It was at a home soccer game when Erin Boccher got her first taste at experiencing life as an athletic director and athletic trainer—simultaneously.
Boccher was splitting her time between lugging ice and water across the field to help set up, and keeping the goalkeeper warm before the match started. At kickoff, Boccher shifted her attention to controlling the remote control for the scoreboard clock. She often chirped her opinions at the referee, who apparently decided he wasn’t calling offside that day. Periodically, she had to stop what she was doing and toss the scoreboard remote control to St. Elizabeth head coach Ryan Burke so she could attend to injured players from both teams.
As the new athletic director and first athletic trainer at the Academy of Saint Elizabeth, Boccher is expected to take on various responsibilities while developing the small, all-girls private school’s athletic program.
“Being both athletic trainer and athletic director definitely has its challenges,” Boccher said. “However, some of the major crises can be averted by preparing in advance and anticipating potential issues that may need my attention. At times, things certainly can get crazy, but wearing both hats also makes things easier for me in some regard.”
When Boccher was an undergraduate at Rutgers University, she was a student manager for the women’s basketball program. That’s when she discovered her love for basketball and a desire to work in athletics.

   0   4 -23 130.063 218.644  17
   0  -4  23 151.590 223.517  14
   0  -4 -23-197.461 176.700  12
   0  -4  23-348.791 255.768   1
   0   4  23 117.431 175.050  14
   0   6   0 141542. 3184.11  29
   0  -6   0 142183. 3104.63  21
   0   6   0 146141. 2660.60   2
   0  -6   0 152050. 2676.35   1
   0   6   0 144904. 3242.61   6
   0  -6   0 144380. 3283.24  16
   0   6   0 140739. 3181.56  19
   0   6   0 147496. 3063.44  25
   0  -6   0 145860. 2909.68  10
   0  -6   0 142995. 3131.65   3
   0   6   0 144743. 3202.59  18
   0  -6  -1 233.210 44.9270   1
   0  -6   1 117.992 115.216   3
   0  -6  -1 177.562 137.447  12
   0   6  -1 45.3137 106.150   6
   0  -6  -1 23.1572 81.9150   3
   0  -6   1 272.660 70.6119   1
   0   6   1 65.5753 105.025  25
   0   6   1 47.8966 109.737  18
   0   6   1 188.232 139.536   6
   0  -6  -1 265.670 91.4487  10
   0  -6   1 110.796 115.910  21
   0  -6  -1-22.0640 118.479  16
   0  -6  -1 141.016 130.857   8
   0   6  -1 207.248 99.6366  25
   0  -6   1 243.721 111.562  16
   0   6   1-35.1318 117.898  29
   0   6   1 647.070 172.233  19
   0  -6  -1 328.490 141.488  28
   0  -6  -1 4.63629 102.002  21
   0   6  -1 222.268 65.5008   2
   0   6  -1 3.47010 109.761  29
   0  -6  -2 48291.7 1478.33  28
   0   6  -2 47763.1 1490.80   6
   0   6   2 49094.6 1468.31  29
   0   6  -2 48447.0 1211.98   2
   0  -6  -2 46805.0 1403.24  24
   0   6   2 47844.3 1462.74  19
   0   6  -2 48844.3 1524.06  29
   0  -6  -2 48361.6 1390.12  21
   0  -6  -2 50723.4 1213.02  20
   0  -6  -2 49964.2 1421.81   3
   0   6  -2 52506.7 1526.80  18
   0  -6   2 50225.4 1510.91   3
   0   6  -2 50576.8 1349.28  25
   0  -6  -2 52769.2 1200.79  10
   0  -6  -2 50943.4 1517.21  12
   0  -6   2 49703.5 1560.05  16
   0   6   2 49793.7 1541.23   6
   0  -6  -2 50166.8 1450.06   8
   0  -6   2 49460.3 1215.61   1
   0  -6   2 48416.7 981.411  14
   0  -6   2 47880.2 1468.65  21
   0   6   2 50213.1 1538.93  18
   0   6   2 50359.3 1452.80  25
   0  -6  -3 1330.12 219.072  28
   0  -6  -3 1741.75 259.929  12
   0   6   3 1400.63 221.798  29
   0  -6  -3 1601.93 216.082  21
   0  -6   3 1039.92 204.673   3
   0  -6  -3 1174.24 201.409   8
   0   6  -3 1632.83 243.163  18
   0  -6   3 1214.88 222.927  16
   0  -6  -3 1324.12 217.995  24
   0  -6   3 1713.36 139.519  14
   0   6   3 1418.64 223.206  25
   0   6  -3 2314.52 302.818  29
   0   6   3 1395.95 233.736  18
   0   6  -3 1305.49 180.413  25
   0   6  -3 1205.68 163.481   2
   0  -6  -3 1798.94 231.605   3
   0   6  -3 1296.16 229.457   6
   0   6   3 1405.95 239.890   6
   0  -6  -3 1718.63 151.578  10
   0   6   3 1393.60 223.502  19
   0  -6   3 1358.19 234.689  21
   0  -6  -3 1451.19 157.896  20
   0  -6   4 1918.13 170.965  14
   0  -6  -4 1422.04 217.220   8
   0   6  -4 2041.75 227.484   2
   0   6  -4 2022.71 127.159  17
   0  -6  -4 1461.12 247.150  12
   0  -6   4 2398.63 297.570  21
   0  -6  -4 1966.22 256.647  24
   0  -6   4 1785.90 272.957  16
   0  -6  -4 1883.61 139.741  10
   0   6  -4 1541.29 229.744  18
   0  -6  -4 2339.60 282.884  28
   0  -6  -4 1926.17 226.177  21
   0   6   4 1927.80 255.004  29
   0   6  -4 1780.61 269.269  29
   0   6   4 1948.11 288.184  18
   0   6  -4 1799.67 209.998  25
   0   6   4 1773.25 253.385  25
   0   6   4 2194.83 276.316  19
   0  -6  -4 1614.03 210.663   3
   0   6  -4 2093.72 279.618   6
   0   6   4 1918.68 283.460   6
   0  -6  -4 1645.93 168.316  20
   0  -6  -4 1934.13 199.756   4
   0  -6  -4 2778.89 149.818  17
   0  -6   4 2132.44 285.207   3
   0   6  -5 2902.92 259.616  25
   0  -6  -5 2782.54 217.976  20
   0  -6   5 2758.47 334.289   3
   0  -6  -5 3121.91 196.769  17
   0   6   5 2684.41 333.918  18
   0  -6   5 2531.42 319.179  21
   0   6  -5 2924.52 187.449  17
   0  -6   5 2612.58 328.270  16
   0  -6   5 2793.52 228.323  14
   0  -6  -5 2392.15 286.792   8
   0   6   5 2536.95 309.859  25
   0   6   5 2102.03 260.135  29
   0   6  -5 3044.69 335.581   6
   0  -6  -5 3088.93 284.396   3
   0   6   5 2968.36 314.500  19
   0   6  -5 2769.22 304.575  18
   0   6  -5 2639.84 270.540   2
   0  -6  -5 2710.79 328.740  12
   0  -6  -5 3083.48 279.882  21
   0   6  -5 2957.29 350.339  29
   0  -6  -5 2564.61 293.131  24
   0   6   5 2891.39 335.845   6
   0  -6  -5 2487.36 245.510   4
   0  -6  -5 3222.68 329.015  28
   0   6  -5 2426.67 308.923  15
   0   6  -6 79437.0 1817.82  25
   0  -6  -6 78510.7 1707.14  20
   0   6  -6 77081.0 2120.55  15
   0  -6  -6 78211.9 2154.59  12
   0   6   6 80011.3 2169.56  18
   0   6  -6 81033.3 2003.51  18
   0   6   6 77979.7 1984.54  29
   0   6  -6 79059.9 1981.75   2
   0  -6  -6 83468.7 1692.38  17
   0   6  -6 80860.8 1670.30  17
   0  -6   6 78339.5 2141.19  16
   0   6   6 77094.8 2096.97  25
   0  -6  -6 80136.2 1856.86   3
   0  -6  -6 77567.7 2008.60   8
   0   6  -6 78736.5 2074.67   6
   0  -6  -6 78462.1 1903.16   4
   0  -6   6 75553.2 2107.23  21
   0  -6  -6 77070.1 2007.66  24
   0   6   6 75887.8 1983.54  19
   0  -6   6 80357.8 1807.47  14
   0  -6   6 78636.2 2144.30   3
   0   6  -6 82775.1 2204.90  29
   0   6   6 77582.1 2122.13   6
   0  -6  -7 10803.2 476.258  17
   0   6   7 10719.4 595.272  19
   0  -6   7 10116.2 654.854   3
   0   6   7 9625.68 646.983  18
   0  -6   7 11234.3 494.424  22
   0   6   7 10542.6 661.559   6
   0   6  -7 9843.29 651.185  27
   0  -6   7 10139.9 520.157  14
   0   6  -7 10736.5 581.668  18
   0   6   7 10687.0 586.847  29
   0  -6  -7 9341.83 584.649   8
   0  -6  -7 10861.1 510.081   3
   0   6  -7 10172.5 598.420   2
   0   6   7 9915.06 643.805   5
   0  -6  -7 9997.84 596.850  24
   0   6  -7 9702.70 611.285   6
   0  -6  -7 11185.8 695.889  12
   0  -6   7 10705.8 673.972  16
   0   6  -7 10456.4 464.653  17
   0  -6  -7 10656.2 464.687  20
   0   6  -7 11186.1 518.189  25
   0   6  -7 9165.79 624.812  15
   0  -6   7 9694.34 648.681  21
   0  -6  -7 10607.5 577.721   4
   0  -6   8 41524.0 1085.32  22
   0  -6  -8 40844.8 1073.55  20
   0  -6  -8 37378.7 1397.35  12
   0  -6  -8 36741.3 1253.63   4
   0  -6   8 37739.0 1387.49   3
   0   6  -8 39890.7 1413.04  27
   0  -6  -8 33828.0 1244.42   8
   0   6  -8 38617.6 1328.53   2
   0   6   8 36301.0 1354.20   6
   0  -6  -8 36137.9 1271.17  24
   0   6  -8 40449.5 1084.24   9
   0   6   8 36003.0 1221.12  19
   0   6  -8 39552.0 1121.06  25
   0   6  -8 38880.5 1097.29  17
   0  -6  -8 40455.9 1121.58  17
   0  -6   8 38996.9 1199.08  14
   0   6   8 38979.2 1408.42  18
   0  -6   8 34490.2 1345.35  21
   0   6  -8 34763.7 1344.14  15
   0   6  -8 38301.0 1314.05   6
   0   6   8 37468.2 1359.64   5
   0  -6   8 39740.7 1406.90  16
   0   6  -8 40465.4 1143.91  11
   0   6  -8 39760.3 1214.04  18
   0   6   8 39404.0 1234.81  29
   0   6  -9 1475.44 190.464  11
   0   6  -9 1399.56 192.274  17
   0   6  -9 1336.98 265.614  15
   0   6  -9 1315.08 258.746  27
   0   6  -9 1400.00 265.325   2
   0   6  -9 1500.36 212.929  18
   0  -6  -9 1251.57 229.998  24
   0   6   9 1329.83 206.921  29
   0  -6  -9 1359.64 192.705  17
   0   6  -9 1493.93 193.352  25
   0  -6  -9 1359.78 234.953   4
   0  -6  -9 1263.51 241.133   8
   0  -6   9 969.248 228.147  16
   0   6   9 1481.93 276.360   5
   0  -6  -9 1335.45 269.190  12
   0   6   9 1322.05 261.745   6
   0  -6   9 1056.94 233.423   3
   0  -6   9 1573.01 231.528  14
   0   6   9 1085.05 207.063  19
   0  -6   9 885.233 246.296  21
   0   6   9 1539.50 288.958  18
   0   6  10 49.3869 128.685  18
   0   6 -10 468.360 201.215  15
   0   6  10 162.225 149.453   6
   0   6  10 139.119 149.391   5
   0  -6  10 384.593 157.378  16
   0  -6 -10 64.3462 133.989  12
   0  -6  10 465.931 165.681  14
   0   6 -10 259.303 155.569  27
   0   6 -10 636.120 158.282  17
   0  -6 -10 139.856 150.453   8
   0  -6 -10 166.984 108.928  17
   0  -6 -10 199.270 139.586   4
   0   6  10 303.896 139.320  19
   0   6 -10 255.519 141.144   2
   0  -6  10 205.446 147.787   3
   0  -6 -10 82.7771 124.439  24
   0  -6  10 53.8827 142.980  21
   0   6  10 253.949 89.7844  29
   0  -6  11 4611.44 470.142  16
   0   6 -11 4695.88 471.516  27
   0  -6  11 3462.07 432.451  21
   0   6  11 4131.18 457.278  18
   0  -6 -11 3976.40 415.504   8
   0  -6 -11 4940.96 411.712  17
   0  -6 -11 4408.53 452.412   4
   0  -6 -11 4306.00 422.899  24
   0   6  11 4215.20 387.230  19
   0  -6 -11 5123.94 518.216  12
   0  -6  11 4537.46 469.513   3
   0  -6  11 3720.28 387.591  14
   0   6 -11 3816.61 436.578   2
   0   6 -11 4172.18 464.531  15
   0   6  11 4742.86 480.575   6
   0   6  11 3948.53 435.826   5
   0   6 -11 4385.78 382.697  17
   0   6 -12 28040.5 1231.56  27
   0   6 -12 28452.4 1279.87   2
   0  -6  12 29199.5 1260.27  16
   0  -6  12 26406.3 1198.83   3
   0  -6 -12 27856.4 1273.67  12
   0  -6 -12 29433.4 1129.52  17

Prior to arriving at St. Elizabeth, Boccher spent eight years at Mount St. Mary in Watchung where she started as the first athletic trainer. However, she took on more roles at the school over the years.
Boccher was actively trying to become an athletic director. After interviewing at a few independent schools, everything fell into place when she got a call from St. Elizabeth’s former athletic director Cathy Mota about the position.
“She has just brought energy and enthusiasm into our athletic program,” Burek said. “She brings incredible background knowledge and experiences in athletics and athletic training. She relates really well to the girls, and I feel already in a very short time we have been able to bring our sports kind of to the next level.”
Like Boccher, principal Lynn Burek is in her first year at St. Elizabeth. Since July, the two have worked cohesively to attract students by strengthening the athletic program. Burek believes athletics revolve around teaching fundamentals and skills necessary to be competitive. She feels the girls who participate in athletics are really learning and improving despite their records.
“It’s about changing the culture,” Boccher said. “I’ve been trying to hire coaches that are going to be more competitive and push the girls a little bit harder. It’s just a matter of us raising the bar, and making expectations higher each and every day.”
Boccher is one of three female athletic directors in Morris County — with Joanne Dzama of Morristown-Beard and Villa Walsh’s Jennifer Fleury — two of whom are at all-girls schools. Morristown athletic director Kathleen Perri, the only woman to lead the athletic programs at a Morris County public school, retired last spring after 13 years.
“Women play a vital role in sports. Why wouldn’t they have a vital role in overseeing athletic programs?” Burek said. “I think the time has come and the door is open now for women. Typically, it was traditionally men, but finally strong and talented women are coming forward and taking these roles and they are doing so well that they pave the way now.”
Staff Writer Dan Canova: (862) 240-2878;[email protected]